5. Pepperidge Farms’ Hearty Wheat crackers (particularly with cinnamon apple sauce on top—a culinary delight from my college roommate, Sue!)
6. Anne Lamott’s brutal honesty, revealing the sacred in some of the least expected places
7. how I feel after practicing yoga—and yet I still resist developing a regular practice!
8. women writers of all sorts (Barbara Kingsolver, Nancy Mairs)
9. memoirs, and the revelation through them that all ordinary people live through extraordinary circumstances
10. the post-Thanksgiving sandwich of turkey, stuffing, cranberry sauce and a little bit of mayonnaise

"I can..."
1. type quickly, despite never learning the proper finger placements
2. play basic tunes on a variety of musical instruments, despite being a student of only piano, clarinet and voice
3. find metaphors for the realm of the spirit in every day living, and tune quickly from the practical to a sense of great truth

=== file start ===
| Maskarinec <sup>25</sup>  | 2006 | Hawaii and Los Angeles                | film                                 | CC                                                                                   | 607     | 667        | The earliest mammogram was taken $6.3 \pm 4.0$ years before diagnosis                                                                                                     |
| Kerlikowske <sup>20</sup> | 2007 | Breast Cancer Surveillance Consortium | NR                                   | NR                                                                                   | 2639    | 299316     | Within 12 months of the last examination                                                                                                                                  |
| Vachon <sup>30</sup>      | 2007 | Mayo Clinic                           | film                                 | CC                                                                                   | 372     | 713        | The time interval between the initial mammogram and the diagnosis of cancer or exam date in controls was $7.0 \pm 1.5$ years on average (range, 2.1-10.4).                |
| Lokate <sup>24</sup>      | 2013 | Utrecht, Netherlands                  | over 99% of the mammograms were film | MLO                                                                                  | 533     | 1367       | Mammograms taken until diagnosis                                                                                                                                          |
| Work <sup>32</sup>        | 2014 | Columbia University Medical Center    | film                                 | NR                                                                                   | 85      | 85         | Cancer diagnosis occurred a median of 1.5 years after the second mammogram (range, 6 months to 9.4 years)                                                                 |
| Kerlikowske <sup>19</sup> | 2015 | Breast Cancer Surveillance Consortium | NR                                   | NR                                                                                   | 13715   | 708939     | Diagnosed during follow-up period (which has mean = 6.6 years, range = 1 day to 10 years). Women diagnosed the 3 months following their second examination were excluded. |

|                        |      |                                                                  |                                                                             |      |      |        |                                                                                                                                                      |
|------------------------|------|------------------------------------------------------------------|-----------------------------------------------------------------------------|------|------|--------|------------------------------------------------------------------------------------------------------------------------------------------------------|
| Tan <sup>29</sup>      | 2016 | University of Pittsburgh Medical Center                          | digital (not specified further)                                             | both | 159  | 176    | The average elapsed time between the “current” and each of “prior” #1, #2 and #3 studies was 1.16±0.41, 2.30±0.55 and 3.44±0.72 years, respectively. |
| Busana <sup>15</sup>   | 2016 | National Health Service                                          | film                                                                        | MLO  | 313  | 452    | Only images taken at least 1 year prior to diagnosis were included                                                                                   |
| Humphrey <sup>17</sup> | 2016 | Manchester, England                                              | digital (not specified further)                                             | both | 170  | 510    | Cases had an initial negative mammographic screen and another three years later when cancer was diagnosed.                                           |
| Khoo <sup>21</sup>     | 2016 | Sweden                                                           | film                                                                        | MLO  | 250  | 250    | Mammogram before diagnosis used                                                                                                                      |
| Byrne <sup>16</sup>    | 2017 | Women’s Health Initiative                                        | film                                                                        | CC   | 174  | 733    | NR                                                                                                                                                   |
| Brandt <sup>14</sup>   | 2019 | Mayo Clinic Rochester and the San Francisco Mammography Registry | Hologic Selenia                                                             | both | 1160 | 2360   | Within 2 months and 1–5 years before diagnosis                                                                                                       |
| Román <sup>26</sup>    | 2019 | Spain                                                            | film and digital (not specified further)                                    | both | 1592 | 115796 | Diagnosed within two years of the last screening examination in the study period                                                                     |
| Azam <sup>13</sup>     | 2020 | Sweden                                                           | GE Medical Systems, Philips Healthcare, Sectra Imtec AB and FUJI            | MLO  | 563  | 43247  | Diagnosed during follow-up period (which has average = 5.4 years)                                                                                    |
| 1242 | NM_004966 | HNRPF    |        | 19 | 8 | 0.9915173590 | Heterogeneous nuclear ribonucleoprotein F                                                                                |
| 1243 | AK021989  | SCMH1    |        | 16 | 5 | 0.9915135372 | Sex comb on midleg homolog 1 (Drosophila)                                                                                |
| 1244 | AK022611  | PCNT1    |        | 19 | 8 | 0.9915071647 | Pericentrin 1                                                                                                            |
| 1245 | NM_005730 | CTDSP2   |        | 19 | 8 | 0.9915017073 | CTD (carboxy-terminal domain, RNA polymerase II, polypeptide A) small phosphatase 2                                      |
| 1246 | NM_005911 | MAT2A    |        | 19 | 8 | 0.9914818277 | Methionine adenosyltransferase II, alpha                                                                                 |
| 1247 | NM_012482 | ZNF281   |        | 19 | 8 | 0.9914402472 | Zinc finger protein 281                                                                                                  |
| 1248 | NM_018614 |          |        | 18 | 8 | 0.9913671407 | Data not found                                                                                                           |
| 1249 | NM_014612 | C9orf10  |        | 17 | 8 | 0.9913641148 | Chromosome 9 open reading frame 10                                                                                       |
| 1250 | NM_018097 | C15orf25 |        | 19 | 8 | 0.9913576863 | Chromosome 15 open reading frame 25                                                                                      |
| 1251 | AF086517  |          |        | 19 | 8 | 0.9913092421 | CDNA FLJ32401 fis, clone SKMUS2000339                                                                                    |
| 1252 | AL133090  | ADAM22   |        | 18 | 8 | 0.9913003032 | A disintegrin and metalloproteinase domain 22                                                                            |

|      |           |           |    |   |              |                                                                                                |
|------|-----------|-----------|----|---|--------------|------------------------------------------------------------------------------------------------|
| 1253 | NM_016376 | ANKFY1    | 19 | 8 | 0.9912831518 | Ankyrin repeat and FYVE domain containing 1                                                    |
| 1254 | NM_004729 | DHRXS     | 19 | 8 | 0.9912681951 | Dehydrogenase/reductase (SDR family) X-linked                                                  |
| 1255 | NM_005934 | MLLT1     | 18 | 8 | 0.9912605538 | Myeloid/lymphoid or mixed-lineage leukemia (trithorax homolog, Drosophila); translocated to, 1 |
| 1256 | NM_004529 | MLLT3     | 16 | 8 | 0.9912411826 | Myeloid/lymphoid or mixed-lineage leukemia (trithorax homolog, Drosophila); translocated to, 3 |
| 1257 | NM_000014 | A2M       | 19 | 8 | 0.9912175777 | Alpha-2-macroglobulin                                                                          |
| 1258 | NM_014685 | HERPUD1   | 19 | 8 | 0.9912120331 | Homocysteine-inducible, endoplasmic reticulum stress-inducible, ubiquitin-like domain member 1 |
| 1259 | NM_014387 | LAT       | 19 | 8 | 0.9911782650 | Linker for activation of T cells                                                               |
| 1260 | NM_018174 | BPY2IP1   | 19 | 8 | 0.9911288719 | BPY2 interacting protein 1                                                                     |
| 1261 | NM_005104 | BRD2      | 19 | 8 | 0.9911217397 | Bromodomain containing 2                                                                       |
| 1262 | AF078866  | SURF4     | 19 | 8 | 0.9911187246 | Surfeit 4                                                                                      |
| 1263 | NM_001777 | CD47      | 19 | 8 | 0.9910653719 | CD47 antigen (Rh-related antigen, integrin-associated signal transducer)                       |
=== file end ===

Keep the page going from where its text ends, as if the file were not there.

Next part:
4. experience true lapses of self-confidence mingled with a sense that I have the potential to create world-changing effects
5. make conversation with academics in most any discipline—though some are harder than others
6. blog better or more faithfully than I can scrapbook
7. write and deliver a compelling message
8. do more physically than I often give myself credit for
9. easily spend a day with a fire in the fireplace and a book on my lap
10. let go of things more easily than people

"I loathe..."
1. racism, sexism, heterosexism—despite that I’m affected by it inside and out every day
2. cigarette smoke—particularly as it affects my possibly-asthmatic son